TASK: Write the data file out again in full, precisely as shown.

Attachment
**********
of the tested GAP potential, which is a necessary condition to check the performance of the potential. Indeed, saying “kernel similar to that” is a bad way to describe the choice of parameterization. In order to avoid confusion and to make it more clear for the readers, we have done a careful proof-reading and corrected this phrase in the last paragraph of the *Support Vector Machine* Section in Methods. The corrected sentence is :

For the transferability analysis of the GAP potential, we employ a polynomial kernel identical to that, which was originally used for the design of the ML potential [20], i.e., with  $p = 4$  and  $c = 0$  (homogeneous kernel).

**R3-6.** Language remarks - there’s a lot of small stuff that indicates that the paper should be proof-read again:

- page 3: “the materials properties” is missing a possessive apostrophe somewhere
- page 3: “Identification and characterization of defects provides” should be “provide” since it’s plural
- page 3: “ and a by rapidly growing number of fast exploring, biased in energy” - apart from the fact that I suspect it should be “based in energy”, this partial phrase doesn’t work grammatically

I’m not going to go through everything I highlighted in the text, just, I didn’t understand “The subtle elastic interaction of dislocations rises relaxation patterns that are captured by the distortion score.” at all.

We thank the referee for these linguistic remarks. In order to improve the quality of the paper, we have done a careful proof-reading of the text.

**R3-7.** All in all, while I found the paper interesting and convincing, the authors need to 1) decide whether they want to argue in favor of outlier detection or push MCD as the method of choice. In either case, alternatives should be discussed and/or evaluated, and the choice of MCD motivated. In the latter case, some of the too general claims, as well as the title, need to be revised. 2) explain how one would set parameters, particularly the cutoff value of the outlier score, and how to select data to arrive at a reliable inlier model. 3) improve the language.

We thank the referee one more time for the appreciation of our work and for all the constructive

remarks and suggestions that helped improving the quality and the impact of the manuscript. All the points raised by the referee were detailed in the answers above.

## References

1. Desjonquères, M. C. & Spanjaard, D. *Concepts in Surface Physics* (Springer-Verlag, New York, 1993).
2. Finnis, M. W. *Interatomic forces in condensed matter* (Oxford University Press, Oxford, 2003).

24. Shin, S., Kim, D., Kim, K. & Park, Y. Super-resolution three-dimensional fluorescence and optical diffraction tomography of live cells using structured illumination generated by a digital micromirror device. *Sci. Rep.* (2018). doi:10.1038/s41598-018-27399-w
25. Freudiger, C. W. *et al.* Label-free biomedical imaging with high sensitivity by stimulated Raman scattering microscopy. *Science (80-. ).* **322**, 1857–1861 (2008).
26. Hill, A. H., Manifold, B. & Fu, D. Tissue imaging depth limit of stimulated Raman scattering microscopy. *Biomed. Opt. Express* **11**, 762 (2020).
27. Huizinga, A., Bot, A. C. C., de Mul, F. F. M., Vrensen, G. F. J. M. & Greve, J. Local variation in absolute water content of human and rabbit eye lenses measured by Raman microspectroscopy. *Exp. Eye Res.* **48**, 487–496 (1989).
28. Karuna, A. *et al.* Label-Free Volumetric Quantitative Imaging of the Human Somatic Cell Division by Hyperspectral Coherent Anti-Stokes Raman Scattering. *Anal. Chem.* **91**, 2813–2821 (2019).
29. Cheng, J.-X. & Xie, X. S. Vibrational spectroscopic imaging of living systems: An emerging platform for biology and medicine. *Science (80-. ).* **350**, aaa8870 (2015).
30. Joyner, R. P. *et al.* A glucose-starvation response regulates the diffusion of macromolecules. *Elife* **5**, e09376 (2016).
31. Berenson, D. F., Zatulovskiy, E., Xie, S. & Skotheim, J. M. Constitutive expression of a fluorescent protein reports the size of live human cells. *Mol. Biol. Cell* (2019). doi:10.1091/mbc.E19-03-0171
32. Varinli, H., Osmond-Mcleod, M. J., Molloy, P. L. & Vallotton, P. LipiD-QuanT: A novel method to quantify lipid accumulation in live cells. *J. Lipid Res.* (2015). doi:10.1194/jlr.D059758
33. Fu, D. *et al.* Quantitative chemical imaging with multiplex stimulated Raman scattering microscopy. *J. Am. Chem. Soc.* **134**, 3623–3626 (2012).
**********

of the tested GAP potential, which is a necessary condition to check the performance of the potential. Indeed, saying “kernel similar to that” is a bad way to describe the choice of parameterization. In order to avoid confusion and to make it more clear for the readers, we have done a careful proof-reading and corrected this phrase in the last paragraph of the *Support Vector Machine* Section in Methods. The corrected sentence is :

For the transferability analysis of the GAP potential, we employ a polynomial kernel identical to that, which was originally used for the design of the ML potential [20], i.e., with  $p = 4$  and  $c = 0$  (homogeneous kernel).

**R3-6.** Language remarks - there’s a lot of small stuff that indicates that the paper should be proof-read again:

- page 3: “the materials properties” is missing a possessive apostrophe somewhere
- page 3: “Identification and characterization of defects provides” should be “provide” since it’s plural
- page 3: “ and a by rapidly growing number of fast exploring, biased in energy” - apart from the fact that I suspect it should be “based in energy”, this partial phrase doesn’t work grammatically

I’m not going to go through everything I highlighted in the text, just, I didn’t understand “The subtle elastic interaction of dislocations rises relaxation patterns that are captured by the distortion score.” at all.

We thank the referee for these linguistic remarks. In order to improve the quality of the paper, we have done a careful proof-reading of the text.

**R3-7.** All in all, while I found the paper interesting and convincing, the authors need to 1) decide whether they want to argue in favor of outlier detection or push MCD as the method of choice. In either case, alternatives should be discussed and/or evaluated, and the choice of MCD motivated. In the latter case, some of the too general claims, as well as the title, need to be revised. 2) explain how one would set parameters, particularly the cutoff value of the outlier score, and how to select data to arrive at a reliable inlier model. 3) improve the language.

We thank the referee one more time for the appreciation of our work and for all the constructive

remarks and suggestions that helped improving the quality and the impact of the manuscript. All the points raised by the referee were detailed in the answers above.

## References

1. Desjonquères, M. C. & Spanjaard, D. *Concepts in Surface Physics* (Springer-Verlag, New York, 1993).
2. Finnis, M. W. *Interatomic forces in condensed matter* (Oxford University Press, Oxford, 2003).

24. Shin, S., Kim, D., Kim, K. & Park, Y. Super-resolution three-dimensional fluorescence and optical diffraction tomography of live cells using structured illumination generated by a digital micromirror device. *Sci. Rep.* (2018). doi:10.1038/s41598-018-27399-w
25. Freudiger, C. W. *et al.* Label-free biomedical imaging with high sensitivity by stimulated Raman scattering microscopy. *Science (80-. ).* **322**, 1857–1861 (2008).
26. Hill, A. H., Manifold, B. & Fu, D. Tissue imaging depth limit of stimulated Raman scattering microscopy. *Biomed. Opt. Express* **11**, 762 (2020).
27. Huizinga, A., Bot, A. C. C., de Mul, F. F. M., Vrensen, G. F. J. M. & Greve, J. Local variation in absolute water content of human and rabbit eye lenses measured by Raman microspectroscopy. *Exp. Eye Res.* **48**, 487–496 (1989).
28. Karuna, A. *et al.* Label-Free Volumetric Quantitative Imaging of the Human Somatic Cell Division by Hyperspectral Coherent Anti-Stokes Raman Scattering. *Anal. Chem.* **91**, 2813–2821 (2019).
29. Cheng, J.-X. & Xie, X. S. Vibrational spectroscopic imaging of living systems: An emerging platform for biology and medicine. *Science (80-. ).* **350**, aaa8870 (2015).
30. Joyner, R. P. *et al.* A glucose-starvation response regulates the diffusion of macromolecules. *Elife* **5**, e09376 (2016).
31. Berenson, D. F., Zatulovskiy, E., Xie, S. & Skotheim, J. M. Constitutive expression of a fluorescent protein reports the size of live human cells. *Mol. Biol. Cell* (2019). doi:10.1091/mbc.E19-03-0171
32. Varinli, H., Osmond-Mcleod, M. J., Molloy, P. L. & Vallotton, P. LipiD-QuanT: A novel method to quantify lipid accumulation in live cells. *J. Lipid Res.* (2015). doi:10.1194/jlr.D059758
33. Fu, D. *et al.* Quantitative chemical imaging with multiplex stimulated Raman scattering microscopy. *J. Am. Chem. Soc.* **134**, 3623–3626 (2012).